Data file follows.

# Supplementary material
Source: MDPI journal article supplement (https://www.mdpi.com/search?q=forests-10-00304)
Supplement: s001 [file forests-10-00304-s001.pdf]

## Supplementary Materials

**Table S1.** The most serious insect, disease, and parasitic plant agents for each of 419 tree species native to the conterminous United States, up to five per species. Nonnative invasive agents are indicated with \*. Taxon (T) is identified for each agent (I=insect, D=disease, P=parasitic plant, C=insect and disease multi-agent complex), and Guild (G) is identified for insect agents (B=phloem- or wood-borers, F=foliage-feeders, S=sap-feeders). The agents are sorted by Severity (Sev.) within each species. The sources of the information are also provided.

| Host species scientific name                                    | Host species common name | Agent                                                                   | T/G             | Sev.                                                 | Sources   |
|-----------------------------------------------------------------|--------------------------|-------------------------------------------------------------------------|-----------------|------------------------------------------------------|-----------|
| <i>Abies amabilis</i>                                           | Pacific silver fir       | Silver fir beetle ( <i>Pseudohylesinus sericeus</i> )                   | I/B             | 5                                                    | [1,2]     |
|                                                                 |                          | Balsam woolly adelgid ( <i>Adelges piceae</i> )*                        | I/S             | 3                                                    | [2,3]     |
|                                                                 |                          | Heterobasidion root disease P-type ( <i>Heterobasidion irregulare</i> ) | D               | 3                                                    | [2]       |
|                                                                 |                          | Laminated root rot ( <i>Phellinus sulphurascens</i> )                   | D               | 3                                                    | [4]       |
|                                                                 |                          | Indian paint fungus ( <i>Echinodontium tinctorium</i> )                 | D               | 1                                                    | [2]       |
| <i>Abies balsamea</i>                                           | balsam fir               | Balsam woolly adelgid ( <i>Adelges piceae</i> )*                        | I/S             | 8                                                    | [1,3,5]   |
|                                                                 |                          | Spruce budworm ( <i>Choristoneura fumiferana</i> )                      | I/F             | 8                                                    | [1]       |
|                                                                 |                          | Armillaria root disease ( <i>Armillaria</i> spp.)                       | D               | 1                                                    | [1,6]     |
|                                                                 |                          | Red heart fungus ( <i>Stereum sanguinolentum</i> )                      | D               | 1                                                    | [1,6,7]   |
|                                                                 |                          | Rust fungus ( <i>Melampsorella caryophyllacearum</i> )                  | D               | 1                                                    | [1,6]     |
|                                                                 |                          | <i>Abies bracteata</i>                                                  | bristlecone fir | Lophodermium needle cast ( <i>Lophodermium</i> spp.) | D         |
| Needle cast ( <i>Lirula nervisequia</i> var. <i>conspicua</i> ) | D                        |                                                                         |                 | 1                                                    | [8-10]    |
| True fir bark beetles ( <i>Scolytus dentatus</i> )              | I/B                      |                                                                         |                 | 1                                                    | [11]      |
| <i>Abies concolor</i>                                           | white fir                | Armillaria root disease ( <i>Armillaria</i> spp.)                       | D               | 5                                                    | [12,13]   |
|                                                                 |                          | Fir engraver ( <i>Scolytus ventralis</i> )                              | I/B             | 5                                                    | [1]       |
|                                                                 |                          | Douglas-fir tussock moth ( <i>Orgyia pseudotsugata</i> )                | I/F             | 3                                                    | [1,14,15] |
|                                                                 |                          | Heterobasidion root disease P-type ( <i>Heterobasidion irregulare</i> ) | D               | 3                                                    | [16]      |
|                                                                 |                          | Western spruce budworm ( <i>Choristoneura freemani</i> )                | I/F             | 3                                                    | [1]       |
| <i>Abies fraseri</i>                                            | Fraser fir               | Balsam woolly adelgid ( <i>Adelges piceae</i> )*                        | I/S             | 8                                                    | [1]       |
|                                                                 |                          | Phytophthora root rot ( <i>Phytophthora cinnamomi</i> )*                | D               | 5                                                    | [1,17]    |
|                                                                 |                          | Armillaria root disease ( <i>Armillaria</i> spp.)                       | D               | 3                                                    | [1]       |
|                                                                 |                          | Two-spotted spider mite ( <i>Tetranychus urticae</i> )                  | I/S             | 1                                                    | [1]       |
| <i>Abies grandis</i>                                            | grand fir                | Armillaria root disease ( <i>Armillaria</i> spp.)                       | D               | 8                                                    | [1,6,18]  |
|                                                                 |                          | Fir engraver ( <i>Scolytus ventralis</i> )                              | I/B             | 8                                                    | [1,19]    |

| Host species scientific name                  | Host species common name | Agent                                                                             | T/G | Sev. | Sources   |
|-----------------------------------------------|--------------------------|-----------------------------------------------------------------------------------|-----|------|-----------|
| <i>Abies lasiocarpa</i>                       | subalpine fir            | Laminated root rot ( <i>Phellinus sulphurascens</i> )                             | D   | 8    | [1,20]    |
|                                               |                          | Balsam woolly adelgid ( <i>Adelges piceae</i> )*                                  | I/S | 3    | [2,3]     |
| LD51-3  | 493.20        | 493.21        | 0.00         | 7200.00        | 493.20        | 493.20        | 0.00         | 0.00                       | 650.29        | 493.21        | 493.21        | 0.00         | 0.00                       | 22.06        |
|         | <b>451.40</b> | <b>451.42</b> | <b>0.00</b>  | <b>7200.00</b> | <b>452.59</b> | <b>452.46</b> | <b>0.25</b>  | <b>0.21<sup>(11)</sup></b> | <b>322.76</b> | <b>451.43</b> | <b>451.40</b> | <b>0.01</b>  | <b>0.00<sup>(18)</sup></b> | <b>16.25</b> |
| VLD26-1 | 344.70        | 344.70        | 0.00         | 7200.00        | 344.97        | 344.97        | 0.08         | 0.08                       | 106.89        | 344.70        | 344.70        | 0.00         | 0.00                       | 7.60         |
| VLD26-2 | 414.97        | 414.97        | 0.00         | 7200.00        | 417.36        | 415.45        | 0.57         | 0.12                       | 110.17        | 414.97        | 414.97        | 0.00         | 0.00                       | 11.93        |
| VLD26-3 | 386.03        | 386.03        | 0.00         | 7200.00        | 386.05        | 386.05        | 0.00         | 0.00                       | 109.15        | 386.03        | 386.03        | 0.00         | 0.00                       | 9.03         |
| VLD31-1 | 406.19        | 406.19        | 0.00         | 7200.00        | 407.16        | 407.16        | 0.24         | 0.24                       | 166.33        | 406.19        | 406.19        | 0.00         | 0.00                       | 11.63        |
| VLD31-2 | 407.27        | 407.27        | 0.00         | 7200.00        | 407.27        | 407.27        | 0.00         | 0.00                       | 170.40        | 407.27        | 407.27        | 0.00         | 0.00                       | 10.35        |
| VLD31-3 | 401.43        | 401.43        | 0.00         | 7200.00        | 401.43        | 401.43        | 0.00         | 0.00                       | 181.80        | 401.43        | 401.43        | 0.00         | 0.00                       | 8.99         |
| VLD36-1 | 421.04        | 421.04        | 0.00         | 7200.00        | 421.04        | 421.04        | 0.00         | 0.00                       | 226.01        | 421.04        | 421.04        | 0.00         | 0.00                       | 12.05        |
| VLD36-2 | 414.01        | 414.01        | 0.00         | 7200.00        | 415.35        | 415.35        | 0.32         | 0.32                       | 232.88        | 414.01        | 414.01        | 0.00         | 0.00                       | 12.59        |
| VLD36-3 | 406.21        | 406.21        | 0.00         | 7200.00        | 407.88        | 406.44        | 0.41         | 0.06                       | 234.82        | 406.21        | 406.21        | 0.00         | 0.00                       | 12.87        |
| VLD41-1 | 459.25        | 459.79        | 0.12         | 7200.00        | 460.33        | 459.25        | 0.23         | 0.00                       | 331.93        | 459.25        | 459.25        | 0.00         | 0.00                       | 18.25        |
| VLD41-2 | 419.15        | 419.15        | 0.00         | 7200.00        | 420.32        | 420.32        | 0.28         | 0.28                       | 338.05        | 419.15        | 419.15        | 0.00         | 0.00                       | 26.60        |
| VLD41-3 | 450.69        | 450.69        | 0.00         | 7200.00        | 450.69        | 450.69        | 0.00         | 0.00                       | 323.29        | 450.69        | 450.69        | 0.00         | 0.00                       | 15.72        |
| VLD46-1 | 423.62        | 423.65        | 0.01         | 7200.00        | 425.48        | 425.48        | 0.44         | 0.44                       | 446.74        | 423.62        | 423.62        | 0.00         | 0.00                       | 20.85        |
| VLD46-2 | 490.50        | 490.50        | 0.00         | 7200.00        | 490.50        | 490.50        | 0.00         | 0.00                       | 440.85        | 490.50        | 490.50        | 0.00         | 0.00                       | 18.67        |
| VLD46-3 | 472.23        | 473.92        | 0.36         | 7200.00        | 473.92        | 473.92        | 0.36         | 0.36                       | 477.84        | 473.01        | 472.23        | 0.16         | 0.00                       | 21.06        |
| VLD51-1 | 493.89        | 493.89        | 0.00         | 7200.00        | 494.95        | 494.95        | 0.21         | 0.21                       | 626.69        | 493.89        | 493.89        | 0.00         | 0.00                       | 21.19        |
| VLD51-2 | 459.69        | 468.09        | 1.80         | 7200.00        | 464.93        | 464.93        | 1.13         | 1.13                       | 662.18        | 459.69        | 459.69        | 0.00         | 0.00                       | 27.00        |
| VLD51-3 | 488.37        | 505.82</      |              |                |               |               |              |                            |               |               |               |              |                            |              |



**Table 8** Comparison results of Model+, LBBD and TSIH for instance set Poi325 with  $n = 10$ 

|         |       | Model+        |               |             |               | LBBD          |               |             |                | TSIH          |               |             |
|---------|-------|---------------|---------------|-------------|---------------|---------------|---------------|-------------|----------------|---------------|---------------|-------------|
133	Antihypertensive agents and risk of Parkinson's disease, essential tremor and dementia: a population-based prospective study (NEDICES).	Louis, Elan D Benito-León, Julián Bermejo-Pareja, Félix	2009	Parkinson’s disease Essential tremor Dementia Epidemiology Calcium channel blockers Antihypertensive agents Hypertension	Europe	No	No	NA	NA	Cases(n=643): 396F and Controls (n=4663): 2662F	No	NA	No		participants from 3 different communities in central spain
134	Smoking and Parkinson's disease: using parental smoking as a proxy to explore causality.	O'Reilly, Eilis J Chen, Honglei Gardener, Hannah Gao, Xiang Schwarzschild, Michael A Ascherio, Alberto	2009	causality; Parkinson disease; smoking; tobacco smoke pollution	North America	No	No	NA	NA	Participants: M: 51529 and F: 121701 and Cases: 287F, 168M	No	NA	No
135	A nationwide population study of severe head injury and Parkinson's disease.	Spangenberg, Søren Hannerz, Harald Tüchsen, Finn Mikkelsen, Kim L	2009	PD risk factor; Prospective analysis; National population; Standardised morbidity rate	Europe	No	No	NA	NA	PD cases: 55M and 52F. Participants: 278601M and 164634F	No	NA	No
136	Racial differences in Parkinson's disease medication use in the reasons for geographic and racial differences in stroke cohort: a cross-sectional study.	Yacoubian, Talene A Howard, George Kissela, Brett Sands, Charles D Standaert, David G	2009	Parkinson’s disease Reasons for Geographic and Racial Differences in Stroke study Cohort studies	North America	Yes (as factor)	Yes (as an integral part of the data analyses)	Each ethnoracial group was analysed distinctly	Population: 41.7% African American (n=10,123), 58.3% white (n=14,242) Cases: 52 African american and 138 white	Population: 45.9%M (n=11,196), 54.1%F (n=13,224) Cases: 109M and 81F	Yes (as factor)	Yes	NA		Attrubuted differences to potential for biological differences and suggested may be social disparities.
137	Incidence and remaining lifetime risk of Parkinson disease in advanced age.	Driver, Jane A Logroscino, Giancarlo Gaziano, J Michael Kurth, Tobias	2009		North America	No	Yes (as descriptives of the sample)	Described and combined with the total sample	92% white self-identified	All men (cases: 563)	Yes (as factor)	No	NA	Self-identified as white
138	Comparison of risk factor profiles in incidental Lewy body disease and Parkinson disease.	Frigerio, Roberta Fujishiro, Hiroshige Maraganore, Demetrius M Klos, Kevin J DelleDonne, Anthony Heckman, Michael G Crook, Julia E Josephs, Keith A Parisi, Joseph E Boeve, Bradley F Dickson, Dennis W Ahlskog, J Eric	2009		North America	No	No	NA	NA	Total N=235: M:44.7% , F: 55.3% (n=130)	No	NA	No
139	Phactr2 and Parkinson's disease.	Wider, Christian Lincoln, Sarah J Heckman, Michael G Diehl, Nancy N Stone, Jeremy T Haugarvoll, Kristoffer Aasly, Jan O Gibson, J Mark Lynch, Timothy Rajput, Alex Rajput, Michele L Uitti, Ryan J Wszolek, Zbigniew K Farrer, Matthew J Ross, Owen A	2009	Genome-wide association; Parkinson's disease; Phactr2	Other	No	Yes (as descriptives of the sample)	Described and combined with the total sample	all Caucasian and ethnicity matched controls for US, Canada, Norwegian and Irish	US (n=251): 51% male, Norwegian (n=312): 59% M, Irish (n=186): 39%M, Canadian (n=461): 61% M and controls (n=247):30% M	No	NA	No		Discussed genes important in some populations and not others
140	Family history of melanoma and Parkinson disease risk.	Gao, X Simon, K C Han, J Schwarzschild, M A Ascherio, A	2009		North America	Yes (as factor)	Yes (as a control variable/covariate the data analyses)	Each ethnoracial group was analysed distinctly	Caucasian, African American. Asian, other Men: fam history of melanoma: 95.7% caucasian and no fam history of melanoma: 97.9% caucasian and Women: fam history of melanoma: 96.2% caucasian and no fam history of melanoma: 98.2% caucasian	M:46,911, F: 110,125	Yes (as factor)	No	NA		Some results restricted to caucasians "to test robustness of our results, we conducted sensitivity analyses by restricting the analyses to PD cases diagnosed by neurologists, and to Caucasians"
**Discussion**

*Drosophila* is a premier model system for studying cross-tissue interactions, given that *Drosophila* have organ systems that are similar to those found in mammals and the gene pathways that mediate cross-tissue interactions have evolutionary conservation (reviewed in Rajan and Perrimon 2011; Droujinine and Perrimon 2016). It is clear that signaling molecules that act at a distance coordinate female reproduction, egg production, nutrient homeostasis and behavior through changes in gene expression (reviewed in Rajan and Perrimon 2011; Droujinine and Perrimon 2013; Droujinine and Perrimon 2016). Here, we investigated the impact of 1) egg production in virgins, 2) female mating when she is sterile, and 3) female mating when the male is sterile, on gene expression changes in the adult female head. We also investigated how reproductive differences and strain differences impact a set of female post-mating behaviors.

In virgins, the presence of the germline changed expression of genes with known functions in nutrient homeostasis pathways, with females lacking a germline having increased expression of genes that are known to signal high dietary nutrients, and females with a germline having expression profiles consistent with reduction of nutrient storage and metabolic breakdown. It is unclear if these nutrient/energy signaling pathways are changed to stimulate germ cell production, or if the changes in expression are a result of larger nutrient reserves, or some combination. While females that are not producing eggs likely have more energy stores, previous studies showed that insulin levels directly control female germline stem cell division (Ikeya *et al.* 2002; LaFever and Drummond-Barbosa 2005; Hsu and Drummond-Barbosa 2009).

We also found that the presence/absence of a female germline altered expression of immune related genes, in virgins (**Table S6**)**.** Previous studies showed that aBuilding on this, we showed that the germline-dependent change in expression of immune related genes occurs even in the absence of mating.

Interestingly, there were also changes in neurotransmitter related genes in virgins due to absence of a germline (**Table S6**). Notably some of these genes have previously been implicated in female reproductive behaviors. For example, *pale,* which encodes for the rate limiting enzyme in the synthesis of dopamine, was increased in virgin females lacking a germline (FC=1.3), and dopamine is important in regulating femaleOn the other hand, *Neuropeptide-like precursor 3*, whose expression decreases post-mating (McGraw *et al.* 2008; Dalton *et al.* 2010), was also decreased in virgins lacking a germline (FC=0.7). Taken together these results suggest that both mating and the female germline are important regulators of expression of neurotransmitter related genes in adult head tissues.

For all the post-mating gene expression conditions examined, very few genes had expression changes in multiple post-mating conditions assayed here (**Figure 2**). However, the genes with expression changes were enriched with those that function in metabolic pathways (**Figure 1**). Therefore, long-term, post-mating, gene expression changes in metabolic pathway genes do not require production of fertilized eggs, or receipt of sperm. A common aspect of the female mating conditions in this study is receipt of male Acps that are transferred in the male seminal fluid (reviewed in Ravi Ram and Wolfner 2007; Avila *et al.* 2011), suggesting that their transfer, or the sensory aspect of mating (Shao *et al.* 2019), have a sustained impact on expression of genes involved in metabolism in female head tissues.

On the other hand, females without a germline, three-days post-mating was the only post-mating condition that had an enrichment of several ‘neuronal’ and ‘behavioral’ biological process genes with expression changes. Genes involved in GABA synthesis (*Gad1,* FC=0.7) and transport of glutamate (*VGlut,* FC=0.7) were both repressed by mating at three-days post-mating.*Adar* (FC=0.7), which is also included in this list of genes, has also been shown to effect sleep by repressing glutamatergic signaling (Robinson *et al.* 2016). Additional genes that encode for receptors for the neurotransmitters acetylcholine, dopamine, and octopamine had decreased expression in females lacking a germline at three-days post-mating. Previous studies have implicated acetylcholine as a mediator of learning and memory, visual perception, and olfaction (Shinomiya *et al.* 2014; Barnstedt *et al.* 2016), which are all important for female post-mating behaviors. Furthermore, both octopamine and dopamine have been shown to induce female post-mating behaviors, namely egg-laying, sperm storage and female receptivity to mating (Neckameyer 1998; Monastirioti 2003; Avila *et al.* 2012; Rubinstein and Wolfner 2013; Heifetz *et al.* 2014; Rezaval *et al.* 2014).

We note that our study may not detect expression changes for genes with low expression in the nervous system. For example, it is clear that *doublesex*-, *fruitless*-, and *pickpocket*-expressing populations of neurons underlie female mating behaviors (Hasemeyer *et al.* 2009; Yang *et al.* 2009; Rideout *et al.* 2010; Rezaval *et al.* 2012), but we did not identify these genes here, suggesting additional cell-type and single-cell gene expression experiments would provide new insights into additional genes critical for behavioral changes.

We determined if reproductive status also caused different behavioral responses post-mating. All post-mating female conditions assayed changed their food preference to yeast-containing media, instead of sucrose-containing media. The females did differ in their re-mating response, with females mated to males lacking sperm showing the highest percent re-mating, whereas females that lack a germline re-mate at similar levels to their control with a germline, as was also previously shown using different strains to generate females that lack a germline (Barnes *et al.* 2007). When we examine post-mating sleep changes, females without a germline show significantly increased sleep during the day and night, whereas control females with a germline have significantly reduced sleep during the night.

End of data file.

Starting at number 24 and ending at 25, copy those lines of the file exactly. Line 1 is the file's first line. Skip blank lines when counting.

|                                                                 |                          | Heterobasidion root disease P-type ( <i>Heterobasidion irregulare</i> ) | D               | 3                                                    | [16]      |
|                                                                 |                          | Western spruce budworm ( <i>Choristoneura freemani</i> )                | I/F             | 3                                                    | [1]       |